Excuse given for Prince Adam’s disappearance
He doesn’t give one at the time of the actual transformation. However, early on, he tries to make an exit by claiming he’s got stuff to do, but Teela won’t have it, and forces him to stay, which was a pretty amusing scene.
Skeletor calls Fisto a “goody-goody”, and tells Spikor he’s a “fool” twice. Otherwise, there’s nothing to report here.
Does it have the Power?
It’s a bit of a rehash of The Arena, which was definitely a superior episode, but it’s by no means a failure. It’s a fairly snappy script, and though it’s clearly geared towards selling Fisto and Spikor action figures, it’s a lot more subtle in this aim than other similar efforts, such as Happy Birthday Roboto. Spikor seems to be in serious need of psychiatric help, taking in consideration his loopy little dances and his voice, which sounds like he’s one step away from complete mental collapse. Fisto, though he doesn’t come across as a nutjob, doesn’t fare much better in that he achieves precisely nothing before being replaced by He-Man.
However, the oddest thing in this episode has to be Skeletor’s behaviour. For a start, he seems unusually invested in winning the game, especially given the Bendari make no mention of a prize. In addition, there’s no particular reason why he doesn’t want to compete in person, though it’s not difficult to imagine that he simply is fed up of facing He-Man. It’s harder to come up with a plausible explanation for all the drilling, which is genuinely completely purposeless.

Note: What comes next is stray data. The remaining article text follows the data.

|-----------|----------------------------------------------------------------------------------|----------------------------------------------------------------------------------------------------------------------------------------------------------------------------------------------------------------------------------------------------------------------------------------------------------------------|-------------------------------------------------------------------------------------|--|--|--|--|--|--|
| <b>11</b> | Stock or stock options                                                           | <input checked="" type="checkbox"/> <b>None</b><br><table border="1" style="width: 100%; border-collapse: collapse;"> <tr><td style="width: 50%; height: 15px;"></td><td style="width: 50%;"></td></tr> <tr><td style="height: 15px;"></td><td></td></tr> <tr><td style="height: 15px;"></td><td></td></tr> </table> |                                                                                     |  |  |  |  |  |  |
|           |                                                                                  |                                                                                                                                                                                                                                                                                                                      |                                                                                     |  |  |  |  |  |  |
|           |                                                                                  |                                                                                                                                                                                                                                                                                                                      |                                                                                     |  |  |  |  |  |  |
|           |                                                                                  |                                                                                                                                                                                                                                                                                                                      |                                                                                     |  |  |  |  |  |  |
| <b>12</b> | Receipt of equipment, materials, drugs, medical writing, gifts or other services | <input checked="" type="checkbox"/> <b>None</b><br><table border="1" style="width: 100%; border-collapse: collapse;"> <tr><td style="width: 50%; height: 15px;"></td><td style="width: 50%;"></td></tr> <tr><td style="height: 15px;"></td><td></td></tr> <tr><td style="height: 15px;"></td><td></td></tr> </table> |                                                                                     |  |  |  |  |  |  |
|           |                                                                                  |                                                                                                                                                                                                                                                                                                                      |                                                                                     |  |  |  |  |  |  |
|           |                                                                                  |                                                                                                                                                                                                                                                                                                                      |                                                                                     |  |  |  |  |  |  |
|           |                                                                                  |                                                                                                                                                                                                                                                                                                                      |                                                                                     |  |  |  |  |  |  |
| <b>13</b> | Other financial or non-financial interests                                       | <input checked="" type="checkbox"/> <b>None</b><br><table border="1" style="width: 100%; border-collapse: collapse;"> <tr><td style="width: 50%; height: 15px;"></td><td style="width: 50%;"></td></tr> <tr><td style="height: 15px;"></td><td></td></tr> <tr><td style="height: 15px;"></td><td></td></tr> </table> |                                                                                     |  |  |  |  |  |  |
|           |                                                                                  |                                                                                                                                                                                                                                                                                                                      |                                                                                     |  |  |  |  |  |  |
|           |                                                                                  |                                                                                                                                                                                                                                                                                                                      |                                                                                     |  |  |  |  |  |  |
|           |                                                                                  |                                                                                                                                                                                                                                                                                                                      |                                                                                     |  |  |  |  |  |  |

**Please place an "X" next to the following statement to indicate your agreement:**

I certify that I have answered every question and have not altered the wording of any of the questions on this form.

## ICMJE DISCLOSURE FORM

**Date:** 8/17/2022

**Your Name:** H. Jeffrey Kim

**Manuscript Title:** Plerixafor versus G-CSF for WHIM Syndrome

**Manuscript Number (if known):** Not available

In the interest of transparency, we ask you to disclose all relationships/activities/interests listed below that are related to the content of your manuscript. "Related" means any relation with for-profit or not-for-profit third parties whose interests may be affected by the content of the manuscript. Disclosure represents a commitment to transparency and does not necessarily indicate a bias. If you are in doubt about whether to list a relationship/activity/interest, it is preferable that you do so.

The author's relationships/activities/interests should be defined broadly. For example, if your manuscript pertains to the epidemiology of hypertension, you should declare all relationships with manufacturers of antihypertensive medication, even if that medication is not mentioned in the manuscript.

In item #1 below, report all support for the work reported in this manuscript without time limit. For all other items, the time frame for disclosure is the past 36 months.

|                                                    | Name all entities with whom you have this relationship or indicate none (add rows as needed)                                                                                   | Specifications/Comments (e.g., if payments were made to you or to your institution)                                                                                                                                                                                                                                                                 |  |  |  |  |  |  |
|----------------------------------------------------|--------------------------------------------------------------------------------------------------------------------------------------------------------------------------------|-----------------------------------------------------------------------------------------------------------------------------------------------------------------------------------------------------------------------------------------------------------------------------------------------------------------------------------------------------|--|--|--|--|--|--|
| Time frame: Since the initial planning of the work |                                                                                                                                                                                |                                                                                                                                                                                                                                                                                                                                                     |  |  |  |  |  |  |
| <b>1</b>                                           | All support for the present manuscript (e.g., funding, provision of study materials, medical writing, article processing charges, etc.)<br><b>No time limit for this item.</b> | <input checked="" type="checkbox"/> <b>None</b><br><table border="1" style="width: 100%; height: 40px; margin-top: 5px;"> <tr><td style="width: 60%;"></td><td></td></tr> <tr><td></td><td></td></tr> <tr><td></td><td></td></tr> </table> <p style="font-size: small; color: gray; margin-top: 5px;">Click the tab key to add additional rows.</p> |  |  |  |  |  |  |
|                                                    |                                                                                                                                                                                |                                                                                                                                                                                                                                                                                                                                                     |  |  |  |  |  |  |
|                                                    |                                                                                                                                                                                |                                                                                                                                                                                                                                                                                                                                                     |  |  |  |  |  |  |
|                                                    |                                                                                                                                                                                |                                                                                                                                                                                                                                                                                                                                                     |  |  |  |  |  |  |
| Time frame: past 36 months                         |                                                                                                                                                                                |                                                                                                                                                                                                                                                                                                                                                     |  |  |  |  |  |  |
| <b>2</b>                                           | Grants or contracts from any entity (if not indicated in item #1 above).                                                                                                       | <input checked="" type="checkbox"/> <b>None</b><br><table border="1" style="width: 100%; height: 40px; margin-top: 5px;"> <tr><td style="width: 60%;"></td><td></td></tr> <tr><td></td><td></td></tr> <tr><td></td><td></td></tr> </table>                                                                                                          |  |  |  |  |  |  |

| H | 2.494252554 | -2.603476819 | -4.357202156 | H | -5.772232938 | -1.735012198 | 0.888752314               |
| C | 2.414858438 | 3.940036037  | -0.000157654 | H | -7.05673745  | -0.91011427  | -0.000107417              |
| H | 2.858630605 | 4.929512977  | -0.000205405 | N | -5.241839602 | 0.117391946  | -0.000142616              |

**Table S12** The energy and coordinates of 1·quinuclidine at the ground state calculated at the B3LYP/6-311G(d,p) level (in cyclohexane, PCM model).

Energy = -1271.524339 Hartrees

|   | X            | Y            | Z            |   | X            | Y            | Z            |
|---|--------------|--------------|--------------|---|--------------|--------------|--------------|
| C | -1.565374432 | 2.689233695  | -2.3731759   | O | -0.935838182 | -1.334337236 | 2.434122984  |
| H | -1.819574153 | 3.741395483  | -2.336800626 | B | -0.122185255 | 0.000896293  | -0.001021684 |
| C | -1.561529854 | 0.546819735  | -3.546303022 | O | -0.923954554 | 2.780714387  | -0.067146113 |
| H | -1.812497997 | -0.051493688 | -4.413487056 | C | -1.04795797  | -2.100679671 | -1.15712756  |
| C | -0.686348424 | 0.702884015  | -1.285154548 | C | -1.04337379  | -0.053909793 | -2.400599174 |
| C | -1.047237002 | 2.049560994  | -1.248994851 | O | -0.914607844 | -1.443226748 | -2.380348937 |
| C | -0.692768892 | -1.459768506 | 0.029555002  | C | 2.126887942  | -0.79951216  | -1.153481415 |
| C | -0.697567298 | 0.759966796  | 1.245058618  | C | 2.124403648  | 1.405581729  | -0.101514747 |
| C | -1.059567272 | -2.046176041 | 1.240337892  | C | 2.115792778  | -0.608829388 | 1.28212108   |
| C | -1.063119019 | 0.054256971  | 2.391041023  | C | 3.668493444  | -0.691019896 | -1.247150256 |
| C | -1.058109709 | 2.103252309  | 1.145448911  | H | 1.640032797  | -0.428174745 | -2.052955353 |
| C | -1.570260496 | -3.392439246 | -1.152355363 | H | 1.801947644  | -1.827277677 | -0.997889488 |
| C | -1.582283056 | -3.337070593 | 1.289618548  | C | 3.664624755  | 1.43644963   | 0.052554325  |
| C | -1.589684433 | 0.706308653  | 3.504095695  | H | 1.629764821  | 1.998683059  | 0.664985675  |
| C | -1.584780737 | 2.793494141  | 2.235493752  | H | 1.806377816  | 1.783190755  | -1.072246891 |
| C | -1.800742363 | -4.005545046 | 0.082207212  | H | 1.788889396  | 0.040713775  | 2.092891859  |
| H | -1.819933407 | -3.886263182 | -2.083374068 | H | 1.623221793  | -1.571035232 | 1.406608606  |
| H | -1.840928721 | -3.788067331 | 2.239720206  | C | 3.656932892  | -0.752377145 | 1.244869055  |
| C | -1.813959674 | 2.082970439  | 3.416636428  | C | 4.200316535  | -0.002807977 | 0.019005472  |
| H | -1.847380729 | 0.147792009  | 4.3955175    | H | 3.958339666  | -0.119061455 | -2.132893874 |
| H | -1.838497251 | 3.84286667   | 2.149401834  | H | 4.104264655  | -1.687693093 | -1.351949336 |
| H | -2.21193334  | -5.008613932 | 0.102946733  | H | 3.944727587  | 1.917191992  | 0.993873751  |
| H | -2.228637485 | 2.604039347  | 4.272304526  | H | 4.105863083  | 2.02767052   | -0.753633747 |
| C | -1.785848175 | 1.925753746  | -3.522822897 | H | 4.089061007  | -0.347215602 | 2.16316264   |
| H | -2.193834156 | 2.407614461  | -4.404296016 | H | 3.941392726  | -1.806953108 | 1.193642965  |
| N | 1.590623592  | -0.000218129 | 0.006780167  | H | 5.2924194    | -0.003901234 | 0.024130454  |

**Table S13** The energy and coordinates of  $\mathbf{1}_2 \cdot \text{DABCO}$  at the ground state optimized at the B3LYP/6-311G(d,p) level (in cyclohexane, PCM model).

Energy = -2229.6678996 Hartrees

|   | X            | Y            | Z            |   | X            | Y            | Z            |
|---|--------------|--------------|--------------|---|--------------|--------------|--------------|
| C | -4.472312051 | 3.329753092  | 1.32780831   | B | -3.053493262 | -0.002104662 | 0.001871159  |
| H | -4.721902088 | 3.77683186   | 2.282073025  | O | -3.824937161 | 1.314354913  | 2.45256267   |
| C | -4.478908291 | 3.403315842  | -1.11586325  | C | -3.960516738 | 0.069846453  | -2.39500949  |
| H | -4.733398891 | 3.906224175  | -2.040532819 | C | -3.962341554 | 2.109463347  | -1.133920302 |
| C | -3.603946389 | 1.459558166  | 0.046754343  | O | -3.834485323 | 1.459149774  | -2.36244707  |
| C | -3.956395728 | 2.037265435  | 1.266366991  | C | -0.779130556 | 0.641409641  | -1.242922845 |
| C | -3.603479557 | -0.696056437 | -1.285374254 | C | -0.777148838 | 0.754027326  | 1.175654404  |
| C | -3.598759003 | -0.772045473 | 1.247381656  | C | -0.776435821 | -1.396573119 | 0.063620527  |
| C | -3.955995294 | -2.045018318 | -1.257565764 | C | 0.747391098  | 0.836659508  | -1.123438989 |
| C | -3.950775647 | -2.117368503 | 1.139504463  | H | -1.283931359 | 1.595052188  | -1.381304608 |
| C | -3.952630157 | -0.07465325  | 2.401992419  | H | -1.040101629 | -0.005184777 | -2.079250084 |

And finally, I think the whole thing would have had more impact if Spikor had actually managed to reach the final Easter Egg and win the game. The Bendari could have concluded that He-Man’s moral action in saving Spikor meant that good was the winner anyway, and it would have showed viewers that the most important thing isn’t winning, but doing the right thing. It would have also been interesting in that it would have been the only He-Man episode in which the baddies win, and considering who won the game didn’t make any difference to Eternia, it’s the sort of situation when it would have been okay for Skeletor to have a victory. Just a thought.